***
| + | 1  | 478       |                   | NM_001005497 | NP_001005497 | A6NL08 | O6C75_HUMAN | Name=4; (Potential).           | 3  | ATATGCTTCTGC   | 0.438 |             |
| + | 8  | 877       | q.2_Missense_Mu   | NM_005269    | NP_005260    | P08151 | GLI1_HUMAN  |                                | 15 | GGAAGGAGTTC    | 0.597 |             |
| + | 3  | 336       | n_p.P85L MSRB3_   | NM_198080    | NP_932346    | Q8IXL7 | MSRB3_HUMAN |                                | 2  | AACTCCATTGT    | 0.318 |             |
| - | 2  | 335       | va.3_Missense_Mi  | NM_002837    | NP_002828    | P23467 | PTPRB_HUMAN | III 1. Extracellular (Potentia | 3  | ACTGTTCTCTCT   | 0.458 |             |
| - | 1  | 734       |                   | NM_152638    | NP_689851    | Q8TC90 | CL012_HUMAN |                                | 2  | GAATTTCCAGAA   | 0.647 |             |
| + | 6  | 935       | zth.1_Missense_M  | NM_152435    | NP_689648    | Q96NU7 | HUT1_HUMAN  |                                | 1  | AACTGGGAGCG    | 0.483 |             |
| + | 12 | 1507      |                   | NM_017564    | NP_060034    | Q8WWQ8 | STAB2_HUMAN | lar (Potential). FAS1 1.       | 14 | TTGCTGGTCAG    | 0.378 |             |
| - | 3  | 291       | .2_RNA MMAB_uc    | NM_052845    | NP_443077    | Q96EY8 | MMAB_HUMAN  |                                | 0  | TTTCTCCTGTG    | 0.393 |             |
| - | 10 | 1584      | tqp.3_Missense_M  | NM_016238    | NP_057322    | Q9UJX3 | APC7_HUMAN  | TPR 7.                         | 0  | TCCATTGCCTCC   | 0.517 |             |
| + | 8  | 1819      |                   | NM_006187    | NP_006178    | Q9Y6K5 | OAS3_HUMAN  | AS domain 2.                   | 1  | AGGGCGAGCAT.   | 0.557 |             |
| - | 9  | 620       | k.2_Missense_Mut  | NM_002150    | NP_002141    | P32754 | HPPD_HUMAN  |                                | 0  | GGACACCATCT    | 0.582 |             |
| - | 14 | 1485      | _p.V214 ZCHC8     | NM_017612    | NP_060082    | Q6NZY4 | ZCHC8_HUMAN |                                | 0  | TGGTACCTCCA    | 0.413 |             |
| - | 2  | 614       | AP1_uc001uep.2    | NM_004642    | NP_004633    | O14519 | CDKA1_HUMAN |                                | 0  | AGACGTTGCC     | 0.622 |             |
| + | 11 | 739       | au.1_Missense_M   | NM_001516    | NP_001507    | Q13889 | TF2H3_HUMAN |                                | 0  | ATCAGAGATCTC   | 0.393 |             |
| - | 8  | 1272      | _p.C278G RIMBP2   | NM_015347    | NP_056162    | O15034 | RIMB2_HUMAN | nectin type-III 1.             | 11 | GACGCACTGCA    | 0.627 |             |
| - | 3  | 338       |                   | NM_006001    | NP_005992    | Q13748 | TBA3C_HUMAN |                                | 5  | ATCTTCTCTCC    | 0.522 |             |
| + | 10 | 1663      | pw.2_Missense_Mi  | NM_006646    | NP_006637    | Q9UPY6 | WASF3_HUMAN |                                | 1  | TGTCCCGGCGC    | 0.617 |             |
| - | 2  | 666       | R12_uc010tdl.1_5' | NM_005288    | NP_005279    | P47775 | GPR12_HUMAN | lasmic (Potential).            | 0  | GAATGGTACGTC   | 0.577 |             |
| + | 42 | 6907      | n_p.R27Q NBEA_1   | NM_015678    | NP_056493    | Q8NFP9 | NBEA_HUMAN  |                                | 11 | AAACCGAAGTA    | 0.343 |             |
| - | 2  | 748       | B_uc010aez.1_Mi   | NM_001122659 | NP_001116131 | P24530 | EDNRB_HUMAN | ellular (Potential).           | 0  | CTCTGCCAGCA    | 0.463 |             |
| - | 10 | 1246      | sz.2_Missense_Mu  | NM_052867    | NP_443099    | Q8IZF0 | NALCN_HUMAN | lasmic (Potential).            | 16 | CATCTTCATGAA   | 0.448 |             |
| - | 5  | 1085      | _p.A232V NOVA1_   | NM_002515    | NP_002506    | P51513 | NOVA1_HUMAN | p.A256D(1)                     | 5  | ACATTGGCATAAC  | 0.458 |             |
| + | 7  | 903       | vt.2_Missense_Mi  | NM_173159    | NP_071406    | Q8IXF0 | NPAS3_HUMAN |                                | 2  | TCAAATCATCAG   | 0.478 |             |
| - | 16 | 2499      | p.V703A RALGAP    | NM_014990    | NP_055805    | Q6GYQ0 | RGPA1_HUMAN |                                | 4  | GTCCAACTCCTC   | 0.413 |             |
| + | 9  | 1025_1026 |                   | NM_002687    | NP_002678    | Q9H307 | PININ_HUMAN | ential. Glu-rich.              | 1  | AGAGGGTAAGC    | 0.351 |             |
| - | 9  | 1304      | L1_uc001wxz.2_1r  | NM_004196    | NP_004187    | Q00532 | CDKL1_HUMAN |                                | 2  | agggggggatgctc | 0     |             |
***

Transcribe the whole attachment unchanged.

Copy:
| + | 1  | 478       |                   | NM_001005497 | NP_001005497 | A6NL08 | O6C75_HUMAN | Name=4; (Potential).           | 3  | ATATGCTTCTGC   | 0.438 |             |
| + | 8  | 877       | q.2_Missense_Mu   | NM_005269    | NP_005260    | P08151 | GLI1_HUMAN  |                                | 15 | GGAAGGAGTTC    | 0.597 |             |
| + | 3  | 336       | n_p.P85L MSRB3_   | NM_198080    | NP_932346    | Q8IXL7 | MSRB3_HUMAN |                                | 2  | AACTCCATTGT    | 0.318 |             |
| - | 2  | 335       | va.3_Missense_Mi  | NM_002837    | NP_002828    | P23467 | PTPRB_HUMAN | III 1. Extracellular (Potentia | 3  | ACTGTTCTCTCT   | 0.458 |             |
| - | 1  | 734       |                   | NM_152638    | NP_689851    | Q8TC90 | CL012_HUMAN |                                | 2  | GAATTTCCAGAA   | 0.647 |             |
| + | 6  | 935       | zth.1_Missense_M  | NM_152435    | NP_689648    | Q96NU7 | HUT1_HUMAN  |                                | 1  | AACTGGGAGCG    | 0.483 |             |
| + | 12 | 1507      |                   | NM_017564    | NP_060034    | Q8WWQ8 | STAB2_HUMAN | lar (Potential). FAS1 1.       | 14 | TTGCTGGTCAG    | 0.378 |             |
| - | 3  | 291       | .2_RNA MMAB_uc    | NM_052845    | NP_443077    | Q96EY8 | MMAB_HUMAN  |                                | 0  | TTTCTCCTGTG    | 0.393 |             |
| - | 10 | 1584      | tqp.3_Missense_M  | NM_016238    | NP_057322    | Q9UJX3 | APC7_HUMAN  | TPR 7.                         | 0  | TCCATTGCCTCC   | 0.517 |             |
| + | 8  | 1819      |                   | NM_006187    | NP_006178    | Q9Y6K5 | OAS3_HUMAN  | AS domain 2.                   | 1  | AGGGCGAGCAT.   | 0.557 |             |
| - | 9  | 620       | k.2_Missense_Mut  | NM_002150    | NP_002141    | P32754 | HPPD_HUMAN  |                                | 0  | GGACACCATCT    | 0.582 |             |
| - | 14 | 1485      | _p.V214 ZCHC8     | NM_017612    | NP_060082    | Q6NZY4 | ZCHC8_HUMAN |                                | 0  | TGGTACCTCCA    | 0.413 |             |
| - | 2  | 614       | AP1_uc001uep.2    | NM_004642    | NP_004633    | O14519 | CDKA1_HUMAN |                                | 0  | AGACGTTGCC     | 0.622 |             |
| + | 11 | 739       | au.1_Missense_M   | NM_001516    | NP_001507    | Q13889 | TF2H3_HUMAN |                                | 0  | ATCAGAGATCTC   | 0.393 |             |
| - | 8  | 1272      | _p.C278G RIMBP2   | NM_015347    | NP_056162    | O15034 | RIMB2_HUMAN | nectin type-III 1.             | 11 | GACGCACTGCA    | 0.627 |             |
| - | 3  | 338       |                   | NM_006001    | NP_005992    | Q13748 | TBA3C_HUMAN |                                | 5  | ATCTTCTCTCC    | 0.522 |             |
| + | 10 | 1663      | pw.2_Missense_Mi  | NM_006646    | NP_006637    | Q9UPY6 | WASF3_HUMAN |                                | 1  | TGTCCCGGCGC    | 0.617 |             |
| - | 2  | 666       | R12_uc010tdl.1_5' | NM_005288    | NP_005279    | P47775 | GPR12_HUMAN | lasmic (Potential).            | 0  | GAATGGTACGTC   | 0.577 |             |
| + | 42 | 6907      | n_p.R27Q NBEA_1   | NM_015678    | NP_056493    | Q8NFP9 | NBEA_HUMAN  |                                | 11 | AAACCGAAGTA    | 0.343 |             |
| - | 2  | 748       | B_uc010aez.1_Mi   | NM_001122659 | NP_001116131 | P24530 | EDNRB_HUMAN | ellular (Potential).           | 0  | CTCTGCCAGCA    | 0.463 |             |
| - | 10 | 1246      | sz.2_Missense_Mu  | NM_052867    | NP_443099    | Q8IZF0 | NALCN_HUMAN | lasmic (Potential).            | 16 | CATCTTCATGAA   | 0.448 |             |
| - | 5  | 1085      | _p.A232V NOVA1_   | NM_002515    | NP_002506    | P51513 | NOVA1_HUMAN | p.A256D(1)                     | 5  | ACATTGGCATAAC  | 0.458 |             |
| + | 7  | 903       | vt.2_Missense_Mi  | NM_173159    | NP_071406    | Q8IXF0 | NPAS3_HUMAN |                                | 2  | TCAAATCATCAG   | 0.478 |             |
| - | 16 | 2499      | p.V703A RALGAP    | NM_014990    | NP_055805    | Q6GYQ0 | RGPA1_HUMAN |                                | 4  | GTCCAACTCCTC   | 0.413 |             |
| + | 9  | 1025_1026 |                   | NM_002687    | NP_002678    | Q9H307 | PININ_HUMAN | ential. Glu-rich.              | 1  | AGAGGGTAAGC    | 0.351 |             |
| - | 9  | 1304      | L1_uc001wxz.2_1r  | NM_004196    | NP_004187    | Q00532 | CDKL1_HUMAN |                                | 2  | agggggggatgctc | 0     |             |